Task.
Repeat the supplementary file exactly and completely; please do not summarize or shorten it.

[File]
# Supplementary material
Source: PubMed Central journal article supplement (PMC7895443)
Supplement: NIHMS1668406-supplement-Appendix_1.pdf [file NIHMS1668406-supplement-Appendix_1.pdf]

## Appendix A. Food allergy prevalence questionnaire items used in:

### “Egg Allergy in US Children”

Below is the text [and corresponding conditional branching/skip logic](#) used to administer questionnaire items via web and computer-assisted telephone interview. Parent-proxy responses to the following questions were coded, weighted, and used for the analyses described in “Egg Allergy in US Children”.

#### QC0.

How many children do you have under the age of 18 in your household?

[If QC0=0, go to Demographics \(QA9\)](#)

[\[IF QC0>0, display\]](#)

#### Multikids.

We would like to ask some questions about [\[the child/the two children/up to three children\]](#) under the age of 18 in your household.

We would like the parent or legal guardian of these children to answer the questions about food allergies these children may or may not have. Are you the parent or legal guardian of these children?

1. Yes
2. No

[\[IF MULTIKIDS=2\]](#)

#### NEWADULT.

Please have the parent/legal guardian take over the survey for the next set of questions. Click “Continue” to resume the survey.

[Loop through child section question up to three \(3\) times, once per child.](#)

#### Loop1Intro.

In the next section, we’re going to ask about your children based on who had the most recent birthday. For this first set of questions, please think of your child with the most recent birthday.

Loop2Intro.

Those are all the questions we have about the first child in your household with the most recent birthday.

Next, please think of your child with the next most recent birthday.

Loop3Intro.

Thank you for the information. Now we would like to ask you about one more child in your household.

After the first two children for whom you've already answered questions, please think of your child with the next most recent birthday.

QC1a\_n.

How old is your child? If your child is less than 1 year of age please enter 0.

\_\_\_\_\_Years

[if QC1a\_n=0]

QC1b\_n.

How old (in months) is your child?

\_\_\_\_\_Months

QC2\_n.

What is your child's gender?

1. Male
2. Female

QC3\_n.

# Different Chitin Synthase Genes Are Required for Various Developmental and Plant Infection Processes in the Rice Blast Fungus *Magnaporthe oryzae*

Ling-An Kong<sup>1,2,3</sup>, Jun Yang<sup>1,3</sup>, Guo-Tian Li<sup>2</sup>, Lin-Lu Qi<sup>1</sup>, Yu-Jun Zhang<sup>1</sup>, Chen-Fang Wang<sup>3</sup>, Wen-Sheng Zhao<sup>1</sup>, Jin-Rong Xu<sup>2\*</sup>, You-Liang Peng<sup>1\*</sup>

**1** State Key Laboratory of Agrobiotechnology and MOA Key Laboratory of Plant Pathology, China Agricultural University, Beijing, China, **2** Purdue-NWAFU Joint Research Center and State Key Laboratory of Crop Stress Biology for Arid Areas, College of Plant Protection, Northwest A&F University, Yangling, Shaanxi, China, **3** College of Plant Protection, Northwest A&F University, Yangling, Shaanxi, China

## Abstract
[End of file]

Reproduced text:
# Supplementary material
Source: PubMed Central journal article supplement (PMC7895443)
Supplement: NIHMS1668406-supplement-Appendix_1.pdf [file NIHMS1668406-supplement-Appendix_1.pdf]

## Appendix A. Food allergy prevalence questionnaire items used in:

### “Egg Allergy in US Children”

Below is the text [and corresponding conditional branching/skip logic](#) used to administer questionnaire items via web and computer-assisted telephone interview. Parent-proxy responses to the following questions were coded, weighted, and used for the analyses described in “Egg Allergy in US Children”.

#### QC0.

How many children do you have under the age of 18 in your household?

[If QC0=0, go to Demographics \(QA9\)](#)

[\[IF QC0>0, display\]](#)

#### Multikids.

We would like to ask some questions about [\[the child/the two children/up to three children\]](#) under the age of 18 in your household.

We would like the parent or legal guardian of these children to answer the questions about food allergies these children may or may not have. Are you the parent or legal guardian of these children?

1. Yes
2. No

[\[IF MULTIKIDS=2\]](#)

#### NEWADULT.

Please have the parent/legal guardian take over the survey for the next set of questions. Click “Continue” to resume the survey.

[Loop through child section question up to three \(3\) times, once per child.](#)

#### Loop1Intro.

In the next section, we’re going to ask about your children based on who had the most recent birthday. For this first set of questions, please think of your child with the most recent birthday.

Loop2Intro.

Those are all the questions we have about the first child in your household with the most recent birthday.

Next, please think of your child with the next most recent birthday.

Loop3Intro.

Thank you for the information. Now we would like to ask you about one more child in your household.

After the first two children for whom you've already answered questions, please think of your child with the next most recent birthday.

QC1a\_n.

How old is your child? If your child is less than 1 year of age please enter 0.

\_\_\_\_\_Years

[if QC1a\_n=0]

QC1b\_n.

How old (in months) is your child?

\_\_\_\_\_Months

QC2\_n.

What is your child's gender?

1. Male
2. Female

QC3\_n.

# Different Chitin Synthase Genes Are Required for Various Developmental and Plant Infection Processes in the Rice Blast Fungus *Magnaporthe oryzae*

Ling-An Kong<sup>1,2,3</sup>, Jun Yang<sup>1,3</sup>, Guo-Tian Li<sup>2</sup>, Lin-Lu Qi<sup>1</sup>, Yu-Jun Zhang<sup>1</sup>, Chen-Fang Wang<sup>3</sup>, Wen-Sheng Zhao<sup>1</sup>, Jin-Rong Xu<sup>2\*</sup>, You-Liang Peng<sup>1\*</sup>

**1** State Key Laboratory of Agrobiotechnology and MOA Key Laboratory of Plant Pathology, China Agricultural University, Beijing, China, **2** Purdue-NWAFU Joint Research Center and State Key Laboratory of Crop Stress Biology for Arid Areas, College of Plant Protection, Northwest A&F University, Yangling, Shaanxi, China, **3** College of Plant Protection, Northwest A&F University, Yangling, Shaanxi, China

## Abstract